Difference Between Dry Cell and Wet Cell

Main Difference – Dry Cell vs Wet Cell

An electric cell is known as a device which is capable of converting one form of energy to another, often chemical energy to electricity. Dry cell and wet cell are two types of cells whose main difference lies in their physical state; Electrolytes in a dry cell are moist solids whereas electrolytes in a wet cell are liquids. However, before looking at the difference between dry cell and wet cell further, it is important to understand the structure of a cell.

This article explores,

1. What is the Structure of a Cell
2. What is a Dry Cell
      – Characteristics, Properties, Examples
3. What is a Wet Cell
     – Characteristics, Properties, Examples
4. What is the difference between Dry cell and Wet CellDifference Between Dry cell and Wet Cell - Comparison Summary

What is the Structure of a Cell

A cell is composed of electrodes and electrolytes. As a result of the chemical reactions between these electrodes and electrolytes, an electric potential is created between the electrodes. This potential depends on the nature of electrodes and electrolytes. A combination of several such cells is called a battery. The cells of a battery can be connected either in parallel or in serial. The number of cells, type of cells and type of combination determines the potential difference between the two ends of a given battery.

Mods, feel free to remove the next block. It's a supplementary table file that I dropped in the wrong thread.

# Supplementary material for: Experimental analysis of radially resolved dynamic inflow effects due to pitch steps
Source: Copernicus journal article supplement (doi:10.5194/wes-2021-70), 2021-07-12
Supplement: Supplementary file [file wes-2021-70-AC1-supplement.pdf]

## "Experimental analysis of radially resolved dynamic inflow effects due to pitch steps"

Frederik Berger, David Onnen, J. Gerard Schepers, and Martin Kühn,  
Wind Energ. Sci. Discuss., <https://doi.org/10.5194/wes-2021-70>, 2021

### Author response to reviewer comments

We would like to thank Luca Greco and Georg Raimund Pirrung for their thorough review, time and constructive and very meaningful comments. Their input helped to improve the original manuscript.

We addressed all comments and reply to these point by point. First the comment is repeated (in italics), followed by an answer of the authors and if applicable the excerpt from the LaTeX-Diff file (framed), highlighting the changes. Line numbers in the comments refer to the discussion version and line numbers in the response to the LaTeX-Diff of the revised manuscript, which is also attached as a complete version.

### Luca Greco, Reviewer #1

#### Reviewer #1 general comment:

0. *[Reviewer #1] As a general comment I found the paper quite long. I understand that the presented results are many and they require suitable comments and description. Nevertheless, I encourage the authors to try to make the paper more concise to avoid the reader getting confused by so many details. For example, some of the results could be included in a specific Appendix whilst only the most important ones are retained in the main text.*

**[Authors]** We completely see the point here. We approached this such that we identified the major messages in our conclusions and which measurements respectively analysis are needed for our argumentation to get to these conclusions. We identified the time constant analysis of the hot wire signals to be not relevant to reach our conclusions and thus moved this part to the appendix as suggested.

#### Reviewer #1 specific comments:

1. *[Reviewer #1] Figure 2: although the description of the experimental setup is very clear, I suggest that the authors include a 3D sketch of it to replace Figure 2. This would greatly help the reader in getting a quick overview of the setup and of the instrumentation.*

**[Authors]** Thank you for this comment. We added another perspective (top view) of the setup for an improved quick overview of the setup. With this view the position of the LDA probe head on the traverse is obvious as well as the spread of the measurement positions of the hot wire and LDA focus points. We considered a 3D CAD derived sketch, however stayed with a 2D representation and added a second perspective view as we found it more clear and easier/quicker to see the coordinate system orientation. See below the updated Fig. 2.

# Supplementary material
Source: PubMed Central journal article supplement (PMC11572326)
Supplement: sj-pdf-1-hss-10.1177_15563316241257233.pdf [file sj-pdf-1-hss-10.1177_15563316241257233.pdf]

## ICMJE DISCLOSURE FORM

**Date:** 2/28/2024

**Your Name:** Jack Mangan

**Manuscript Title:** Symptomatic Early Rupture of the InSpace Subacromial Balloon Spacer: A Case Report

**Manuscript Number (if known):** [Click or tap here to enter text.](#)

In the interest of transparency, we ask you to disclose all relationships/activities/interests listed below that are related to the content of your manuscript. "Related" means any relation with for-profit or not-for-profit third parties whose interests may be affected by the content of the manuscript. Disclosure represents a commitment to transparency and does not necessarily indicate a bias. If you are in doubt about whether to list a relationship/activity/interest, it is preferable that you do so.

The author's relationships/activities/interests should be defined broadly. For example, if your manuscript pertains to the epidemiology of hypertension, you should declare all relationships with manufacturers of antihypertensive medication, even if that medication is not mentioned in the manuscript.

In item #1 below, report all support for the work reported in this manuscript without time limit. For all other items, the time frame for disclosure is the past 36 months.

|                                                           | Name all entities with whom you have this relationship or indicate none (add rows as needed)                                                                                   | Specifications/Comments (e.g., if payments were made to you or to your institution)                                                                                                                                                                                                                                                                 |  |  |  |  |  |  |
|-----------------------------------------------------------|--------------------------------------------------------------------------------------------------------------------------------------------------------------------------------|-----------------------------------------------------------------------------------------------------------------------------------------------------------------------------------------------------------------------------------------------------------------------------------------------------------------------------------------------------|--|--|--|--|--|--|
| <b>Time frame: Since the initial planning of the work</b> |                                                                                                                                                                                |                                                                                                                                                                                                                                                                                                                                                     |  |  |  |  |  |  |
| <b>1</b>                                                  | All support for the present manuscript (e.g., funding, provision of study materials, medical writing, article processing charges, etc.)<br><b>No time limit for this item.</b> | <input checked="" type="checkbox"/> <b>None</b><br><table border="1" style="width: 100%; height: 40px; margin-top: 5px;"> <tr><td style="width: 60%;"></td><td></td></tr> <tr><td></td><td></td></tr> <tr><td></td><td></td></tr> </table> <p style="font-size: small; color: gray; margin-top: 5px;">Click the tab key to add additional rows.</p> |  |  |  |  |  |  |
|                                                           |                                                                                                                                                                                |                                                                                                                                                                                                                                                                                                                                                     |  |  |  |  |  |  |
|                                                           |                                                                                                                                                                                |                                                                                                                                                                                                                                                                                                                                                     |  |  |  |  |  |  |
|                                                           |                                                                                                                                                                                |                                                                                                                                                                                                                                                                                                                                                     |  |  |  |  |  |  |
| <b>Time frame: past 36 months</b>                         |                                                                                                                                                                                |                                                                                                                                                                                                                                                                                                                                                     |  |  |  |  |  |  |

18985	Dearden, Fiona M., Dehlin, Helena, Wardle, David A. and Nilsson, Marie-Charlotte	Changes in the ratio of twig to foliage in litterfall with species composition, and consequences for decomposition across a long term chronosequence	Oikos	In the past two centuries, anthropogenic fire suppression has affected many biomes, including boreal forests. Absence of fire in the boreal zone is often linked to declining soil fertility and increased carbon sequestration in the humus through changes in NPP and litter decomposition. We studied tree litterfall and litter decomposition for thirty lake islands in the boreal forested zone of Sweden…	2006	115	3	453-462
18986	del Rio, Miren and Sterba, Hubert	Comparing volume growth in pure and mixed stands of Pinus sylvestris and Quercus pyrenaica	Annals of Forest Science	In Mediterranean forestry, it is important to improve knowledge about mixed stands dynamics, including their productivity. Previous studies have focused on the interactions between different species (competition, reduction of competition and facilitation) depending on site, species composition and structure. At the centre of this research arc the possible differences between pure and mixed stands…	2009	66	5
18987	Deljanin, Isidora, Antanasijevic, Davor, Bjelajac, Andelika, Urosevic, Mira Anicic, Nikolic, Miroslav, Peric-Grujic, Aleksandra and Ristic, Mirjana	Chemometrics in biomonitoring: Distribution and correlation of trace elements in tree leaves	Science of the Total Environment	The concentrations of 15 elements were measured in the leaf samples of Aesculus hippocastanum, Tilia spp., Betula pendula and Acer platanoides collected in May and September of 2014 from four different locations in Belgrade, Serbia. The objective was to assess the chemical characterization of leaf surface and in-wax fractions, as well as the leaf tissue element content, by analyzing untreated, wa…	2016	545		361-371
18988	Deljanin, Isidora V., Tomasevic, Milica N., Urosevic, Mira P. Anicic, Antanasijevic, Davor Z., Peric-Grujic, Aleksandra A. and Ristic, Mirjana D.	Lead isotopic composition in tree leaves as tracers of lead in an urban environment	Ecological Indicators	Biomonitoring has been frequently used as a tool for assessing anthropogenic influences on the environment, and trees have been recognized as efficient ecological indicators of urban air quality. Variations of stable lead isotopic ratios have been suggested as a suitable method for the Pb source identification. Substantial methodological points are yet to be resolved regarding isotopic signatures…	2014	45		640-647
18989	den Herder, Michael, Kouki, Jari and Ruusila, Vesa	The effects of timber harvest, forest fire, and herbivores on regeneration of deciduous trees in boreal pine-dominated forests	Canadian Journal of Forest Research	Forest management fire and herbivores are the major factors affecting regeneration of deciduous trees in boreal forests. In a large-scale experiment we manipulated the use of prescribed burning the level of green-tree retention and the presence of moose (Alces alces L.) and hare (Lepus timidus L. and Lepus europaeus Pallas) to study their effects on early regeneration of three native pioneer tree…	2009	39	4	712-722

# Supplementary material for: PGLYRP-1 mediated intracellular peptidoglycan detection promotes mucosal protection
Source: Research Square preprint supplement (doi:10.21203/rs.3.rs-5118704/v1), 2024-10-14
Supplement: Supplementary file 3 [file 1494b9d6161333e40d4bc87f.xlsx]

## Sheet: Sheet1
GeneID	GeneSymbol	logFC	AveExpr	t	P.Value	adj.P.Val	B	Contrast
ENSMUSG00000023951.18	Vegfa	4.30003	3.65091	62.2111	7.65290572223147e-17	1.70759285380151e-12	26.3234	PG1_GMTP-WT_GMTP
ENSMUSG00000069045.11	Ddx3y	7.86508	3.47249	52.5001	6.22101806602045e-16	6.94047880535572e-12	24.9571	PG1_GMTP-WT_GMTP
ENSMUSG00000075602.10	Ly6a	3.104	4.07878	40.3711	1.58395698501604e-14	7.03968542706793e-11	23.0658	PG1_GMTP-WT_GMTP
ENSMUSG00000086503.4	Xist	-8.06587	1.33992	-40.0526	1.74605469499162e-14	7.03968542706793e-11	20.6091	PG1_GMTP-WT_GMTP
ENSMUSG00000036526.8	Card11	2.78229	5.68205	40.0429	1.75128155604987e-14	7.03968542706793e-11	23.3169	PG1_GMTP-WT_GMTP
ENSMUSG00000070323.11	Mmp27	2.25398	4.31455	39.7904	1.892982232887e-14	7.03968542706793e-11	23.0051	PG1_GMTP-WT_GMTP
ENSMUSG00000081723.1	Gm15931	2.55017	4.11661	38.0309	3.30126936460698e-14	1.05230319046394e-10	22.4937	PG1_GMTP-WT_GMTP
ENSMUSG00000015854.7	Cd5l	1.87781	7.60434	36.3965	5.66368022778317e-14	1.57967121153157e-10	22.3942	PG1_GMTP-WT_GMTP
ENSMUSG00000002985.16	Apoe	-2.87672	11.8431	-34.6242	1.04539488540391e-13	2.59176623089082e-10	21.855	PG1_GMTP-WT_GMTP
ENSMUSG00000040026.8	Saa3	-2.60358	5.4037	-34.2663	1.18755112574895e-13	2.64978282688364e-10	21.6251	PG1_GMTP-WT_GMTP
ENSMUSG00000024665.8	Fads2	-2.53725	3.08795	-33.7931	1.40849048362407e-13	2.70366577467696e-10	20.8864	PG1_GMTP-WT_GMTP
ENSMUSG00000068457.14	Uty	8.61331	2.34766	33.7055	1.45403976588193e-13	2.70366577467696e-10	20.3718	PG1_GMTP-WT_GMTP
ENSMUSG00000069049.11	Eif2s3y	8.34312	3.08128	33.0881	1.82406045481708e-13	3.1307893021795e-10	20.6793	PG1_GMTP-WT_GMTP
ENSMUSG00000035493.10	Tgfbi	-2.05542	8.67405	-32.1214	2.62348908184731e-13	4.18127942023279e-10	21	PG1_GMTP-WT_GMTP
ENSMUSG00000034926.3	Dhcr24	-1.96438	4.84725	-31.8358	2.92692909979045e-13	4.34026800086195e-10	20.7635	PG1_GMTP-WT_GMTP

Cells can be divided into two main categories based on their electrical properties:

Primary Cells

The chemical reaction which is responsible for energy generation is irreversible. Therefore, it cannot be recharged and should be disposed of after using. These contain solid electrolytes adsorbed onto a solid material. Therefore, primary cells are mostly dry cells.

Secondary Cells

Reversible chemical reactions power secondary cells, and therefore it is possible to be recharged. This can be done by an external power source.

Cells are also distinguished as dry and wet cells based on the physical state of the electrolytes present in the cell.

What is a Dry Cell

Dry cell batteries are in the form of a moist paste. The extent of moisture is just enough for the electric current to flow. A dry cell can be used in any orientation and be handled easily as the chemicals inside will not spill out. The most common battery which contains dry cells is Zinc-Carbon battery. It consists of a carbon rod as the cathode with an outer Zn shell, which is the anode. The carbon rod is covered with a paste of MnO2 and C. The electrolyte NH4Cl is a moist paste. Alkaline batteries are made by replacing NH4Cl by KOH.

Other most common Dry Cell batteries are Lithium batteries which are commonly found in mobile phones, laptops, digital cameras and sometimes cars. Lithium cobalt cathodes with carbon anodes are abundant.

Dry cells are used for longer periods of storage as their discharge rate is lower. These are typically primary cells. However, some wet cells can act as secondary cells as well.

Dry cell batteries should be disposed of in a proper manner since they can cause harmful effect to environment and people.

Difference Between Dry Cell and Wet Cell

Figure 1: Zinc Carbon Battery

What is a Wet Cell